English Heritage is a registered charity that cares for over 400 historic monuments, buildings and places in England. The idea behind this book was to invite eight writers to be allowed after hours access at their chosen English Heritage site, in order to write a ghost story about that site. Proceeds from the book will go so support conservation of English Heritage sites. So far, so good.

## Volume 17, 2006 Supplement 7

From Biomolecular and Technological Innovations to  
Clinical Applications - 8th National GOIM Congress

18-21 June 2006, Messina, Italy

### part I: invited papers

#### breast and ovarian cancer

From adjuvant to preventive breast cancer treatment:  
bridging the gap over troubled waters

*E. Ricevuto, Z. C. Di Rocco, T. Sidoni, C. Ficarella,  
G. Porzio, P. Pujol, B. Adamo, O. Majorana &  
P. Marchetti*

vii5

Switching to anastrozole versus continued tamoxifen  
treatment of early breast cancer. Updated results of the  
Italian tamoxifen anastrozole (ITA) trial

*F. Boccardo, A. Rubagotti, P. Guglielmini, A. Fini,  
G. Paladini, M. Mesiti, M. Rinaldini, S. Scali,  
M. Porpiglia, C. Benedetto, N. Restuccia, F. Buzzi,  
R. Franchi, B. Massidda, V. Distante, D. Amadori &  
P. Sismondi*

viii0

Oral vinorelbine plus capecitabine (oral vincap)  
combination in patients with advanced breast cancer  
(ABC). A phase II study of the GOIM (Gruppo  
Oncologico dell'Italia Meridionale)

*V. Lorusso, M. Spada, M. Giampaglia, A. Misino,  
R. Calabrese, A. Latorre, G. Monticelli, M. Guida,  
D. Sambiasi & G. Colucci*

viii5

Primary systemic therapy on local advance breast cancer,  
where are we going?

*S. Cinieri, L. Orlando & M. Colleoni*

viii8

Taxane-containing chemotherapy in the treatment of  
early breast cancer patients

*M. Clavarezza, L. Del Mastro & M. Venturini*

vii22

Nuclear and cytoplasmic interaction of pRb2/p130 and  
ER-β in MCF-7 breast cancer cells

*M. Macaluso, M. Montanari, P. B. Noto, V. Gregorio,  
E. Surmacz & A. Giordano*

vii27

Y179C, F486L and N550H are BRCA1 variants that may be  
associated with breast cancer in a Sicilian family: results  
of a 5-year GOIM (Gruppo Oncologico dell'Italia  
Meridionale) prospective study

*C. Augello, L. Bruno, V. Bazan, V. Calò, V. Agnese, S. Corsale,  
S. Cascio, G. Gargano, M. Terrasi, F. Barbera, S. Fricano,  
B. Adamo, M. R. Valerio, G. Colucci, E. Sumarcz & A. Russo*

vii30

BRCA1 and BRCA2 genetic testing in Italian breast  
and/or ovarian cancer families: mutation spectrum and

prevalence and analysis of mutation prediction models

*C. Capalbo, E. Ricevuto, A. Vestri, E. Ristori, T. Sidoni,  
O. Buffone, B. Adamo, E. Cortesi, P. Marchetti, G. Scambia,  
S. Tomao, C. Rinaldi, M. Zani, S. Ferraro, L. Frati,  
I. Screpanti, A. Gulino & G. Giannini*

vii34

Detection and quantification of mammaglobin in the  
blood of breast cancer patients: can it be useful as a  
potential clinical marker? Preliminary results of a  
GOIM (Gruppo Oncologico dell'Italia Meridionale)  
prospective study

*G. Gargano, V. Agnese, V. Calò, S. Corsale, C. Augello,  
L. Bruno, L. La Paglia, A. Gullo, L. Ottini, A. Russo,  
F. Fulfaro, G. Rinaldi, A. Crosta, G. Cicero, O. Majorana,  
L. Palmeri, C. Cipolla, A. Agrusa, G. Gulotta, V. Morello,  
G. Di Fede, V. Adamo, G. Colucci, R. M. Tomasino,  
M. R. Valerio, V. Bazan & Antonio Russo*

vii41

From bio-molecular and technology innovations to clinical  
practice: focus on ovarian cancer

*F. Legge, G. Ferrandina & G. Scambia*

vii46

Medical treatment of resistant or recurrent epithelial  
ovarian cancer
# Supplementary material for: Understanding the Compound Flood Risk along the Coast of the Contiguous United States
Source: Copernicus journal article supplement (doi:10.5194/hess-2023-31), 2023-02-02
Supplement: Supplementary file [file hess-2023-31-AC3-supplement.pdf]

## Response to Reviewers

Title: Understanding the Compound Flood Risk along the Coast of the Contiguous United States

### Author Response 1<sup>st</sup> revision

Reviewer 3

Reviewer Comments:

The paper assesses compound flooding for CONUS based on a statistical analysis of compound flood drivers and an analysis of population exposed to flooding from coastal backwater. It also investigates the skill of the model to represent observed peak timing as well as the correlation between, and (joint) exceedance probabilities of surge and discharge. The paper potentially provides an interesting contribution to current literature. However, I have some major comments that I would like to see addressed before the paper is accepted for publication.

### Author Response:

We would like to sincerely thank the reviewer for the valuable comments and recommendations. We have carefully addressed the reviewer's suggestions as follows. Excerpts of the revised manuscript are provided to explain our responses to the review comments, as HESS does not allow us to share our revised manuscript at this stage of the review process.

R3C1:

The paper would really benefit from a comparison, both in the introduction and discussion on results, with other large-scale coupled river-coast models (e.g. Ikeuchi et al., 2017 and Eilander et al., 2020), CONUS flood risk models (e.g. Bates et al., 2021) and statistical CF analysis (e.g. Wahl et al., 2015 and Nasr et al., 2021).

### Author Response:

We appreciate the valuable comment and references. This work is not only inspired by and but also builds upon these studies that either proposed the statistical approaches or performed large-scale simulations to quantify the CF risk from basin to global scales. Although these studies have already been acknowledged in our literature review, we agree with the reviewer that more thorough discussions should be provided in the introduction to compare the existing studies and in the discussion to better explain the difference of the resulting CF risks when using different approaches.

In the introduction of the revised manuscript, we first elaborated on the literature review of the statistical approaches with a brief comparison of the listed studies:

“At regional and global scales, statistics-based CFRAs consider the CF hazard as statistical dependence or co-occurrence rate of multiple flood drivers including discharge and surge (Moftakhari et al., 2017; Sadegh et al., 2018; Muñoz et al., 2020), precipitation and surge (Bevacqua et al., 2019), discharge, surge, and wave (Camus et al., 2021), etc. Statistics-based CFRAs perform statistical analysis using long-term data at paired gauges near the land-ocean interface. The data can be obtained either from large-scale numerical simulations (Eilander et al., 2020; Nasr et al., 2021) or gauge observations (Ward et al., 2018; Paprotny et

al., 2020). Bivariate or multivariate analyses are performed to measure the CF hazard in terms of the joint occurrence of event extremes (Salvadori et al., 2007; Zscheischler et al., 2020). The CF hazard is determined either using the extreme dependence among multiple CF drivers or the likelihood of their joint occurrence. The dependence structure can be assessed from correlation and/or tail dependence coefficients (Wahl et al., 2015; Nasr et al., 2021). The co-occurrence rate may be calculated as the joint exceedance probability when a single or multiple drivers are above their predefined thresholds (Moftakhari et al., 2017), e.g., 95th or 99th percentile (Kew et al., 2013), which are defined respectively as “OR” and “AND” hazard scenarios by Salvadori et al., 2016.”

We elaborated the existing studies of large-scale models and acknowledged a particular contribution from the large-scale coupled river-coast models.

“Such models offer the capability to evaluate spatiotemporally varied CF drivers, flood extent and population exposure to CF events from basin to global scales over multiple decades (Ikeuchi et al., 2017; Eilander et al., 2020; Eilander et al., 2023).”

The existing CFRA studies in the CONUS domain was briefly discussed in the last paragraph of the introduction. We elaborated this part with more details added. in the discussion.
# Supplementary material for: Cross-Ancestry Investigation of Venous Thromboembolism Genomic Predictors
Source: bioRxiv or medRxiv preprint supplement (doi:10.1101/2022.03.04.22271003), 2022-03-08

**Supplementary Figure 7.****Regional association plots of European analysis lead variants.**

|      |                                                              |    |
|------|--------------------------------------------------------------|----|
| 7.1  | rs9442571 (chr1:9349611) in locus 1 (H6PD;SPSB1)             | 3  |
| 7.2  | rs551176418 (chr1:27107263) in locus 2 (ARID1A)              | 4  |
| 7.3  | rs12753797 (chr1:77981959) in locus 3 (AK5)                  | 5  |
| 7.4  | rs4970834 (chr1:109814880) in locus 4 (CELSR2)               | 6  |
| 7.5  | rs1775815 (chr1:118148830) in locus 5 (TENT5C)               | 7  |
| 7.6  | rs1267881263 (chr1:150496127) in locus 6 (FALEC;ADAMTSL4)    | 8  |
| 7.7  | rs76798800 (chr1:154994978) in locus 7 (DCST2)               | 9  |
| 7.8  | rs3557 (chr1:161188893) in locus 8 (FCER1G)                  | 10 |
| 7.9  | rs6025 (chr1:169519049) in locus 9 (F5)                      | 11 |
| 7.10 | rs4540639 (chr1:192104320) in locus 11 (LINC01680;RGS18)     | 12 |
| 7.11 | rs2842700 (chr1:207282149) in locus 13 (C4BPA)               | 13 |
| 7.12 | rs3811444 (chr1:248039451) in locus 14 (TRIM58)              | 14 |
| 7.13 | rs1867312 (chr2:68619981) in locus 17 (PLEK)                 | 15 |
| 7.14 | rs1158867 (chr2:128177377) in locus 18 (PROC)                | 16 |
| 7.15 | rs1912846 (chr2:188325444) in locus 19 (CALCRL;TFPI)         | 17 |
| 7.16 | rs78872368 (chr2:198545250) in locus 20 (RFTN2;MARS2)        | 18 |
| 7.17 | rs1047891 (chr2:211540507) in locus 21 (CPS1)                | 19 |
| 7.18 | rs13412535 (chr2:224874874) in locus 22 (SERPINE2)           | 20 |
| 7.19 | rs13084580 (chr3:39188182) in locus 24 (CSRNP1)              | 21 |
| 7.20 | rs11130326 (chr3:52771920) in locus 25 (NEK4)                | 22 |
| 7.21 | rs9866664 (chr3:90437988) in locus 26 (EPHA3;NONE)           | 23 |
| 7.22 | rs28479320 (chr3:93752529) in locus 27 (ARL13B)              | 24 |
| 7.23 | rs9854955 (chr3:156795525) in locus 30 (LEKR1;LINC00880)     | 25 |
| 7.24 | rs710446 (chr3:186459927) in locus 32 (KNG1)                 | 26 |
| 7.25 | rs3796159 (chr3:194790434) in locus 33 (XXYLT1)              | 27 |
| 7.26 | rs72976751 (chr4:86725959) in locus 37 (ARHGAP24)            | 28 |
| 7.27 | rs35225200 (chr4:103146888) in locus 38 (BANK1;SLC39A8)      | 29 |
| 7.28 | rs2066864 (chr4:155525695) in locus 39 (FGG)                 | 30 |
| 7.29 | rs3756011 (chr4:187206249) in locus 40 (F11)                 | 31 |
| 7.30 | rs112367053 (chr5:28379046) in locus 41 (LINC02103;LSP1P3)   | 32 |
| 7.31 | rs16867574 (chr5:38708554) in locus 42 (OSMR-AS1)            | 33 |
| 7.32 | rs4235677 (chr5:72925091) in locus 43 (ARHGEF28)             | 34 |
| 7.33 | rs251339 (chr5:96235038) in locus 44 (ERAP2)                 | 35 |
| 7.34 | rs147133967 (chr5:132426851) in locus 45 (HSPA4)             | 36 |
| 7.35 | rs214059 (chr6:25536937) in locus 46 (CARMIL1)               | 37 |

In practice the resulting stories are of mixed quality. "The Bunker" by Mark Haddon seems more like the set-up for a time-slip novel. It grabs your interest, but simply ends too soon. "As Strong as Death" by Jeanette Winterson bring a modern style to a ghost story at a same-sex wedding. The opening story, "They Flee from Me That Sometime Did Me See"by Sarah Perry, is about a haunting attached to an intricately carved wooden screen in a large hall. "Mr. Lanyard's Last Case" by Andrew Michael Hurley is the story of a mid-eighteenth century prosecutor's last case. Stuart Evers's "Never Departed More" is a diffuse tale of an actress scouting out the locale of planned film; she becomes too involved with the ghosts. Kate Clanchy's "The Wall" tries some structural trickery which makes her story less satisfying, while Kamila Shamsie's "Foreboding" is groanworthy as it has a Middle-eastern or East Asian man in England experiencing a bad pun telepathically via his sister as she dies thousands of miles away. Max Porter's "Mrs. Charbury at Eltham" is the best story in the book, skillfully juxtaposing two parallel narratives, one from the 1930s and the other from modern times, into one connected haunting. Andrew Martin adds an afterword, "Within These Walls," a rumination on the development of the ghost story, and there is an anonymous 39-page closing essay, "A Gazetteer of English Heritage Hauntings," presumably by Rowan Routh, who is credited with editing this volume.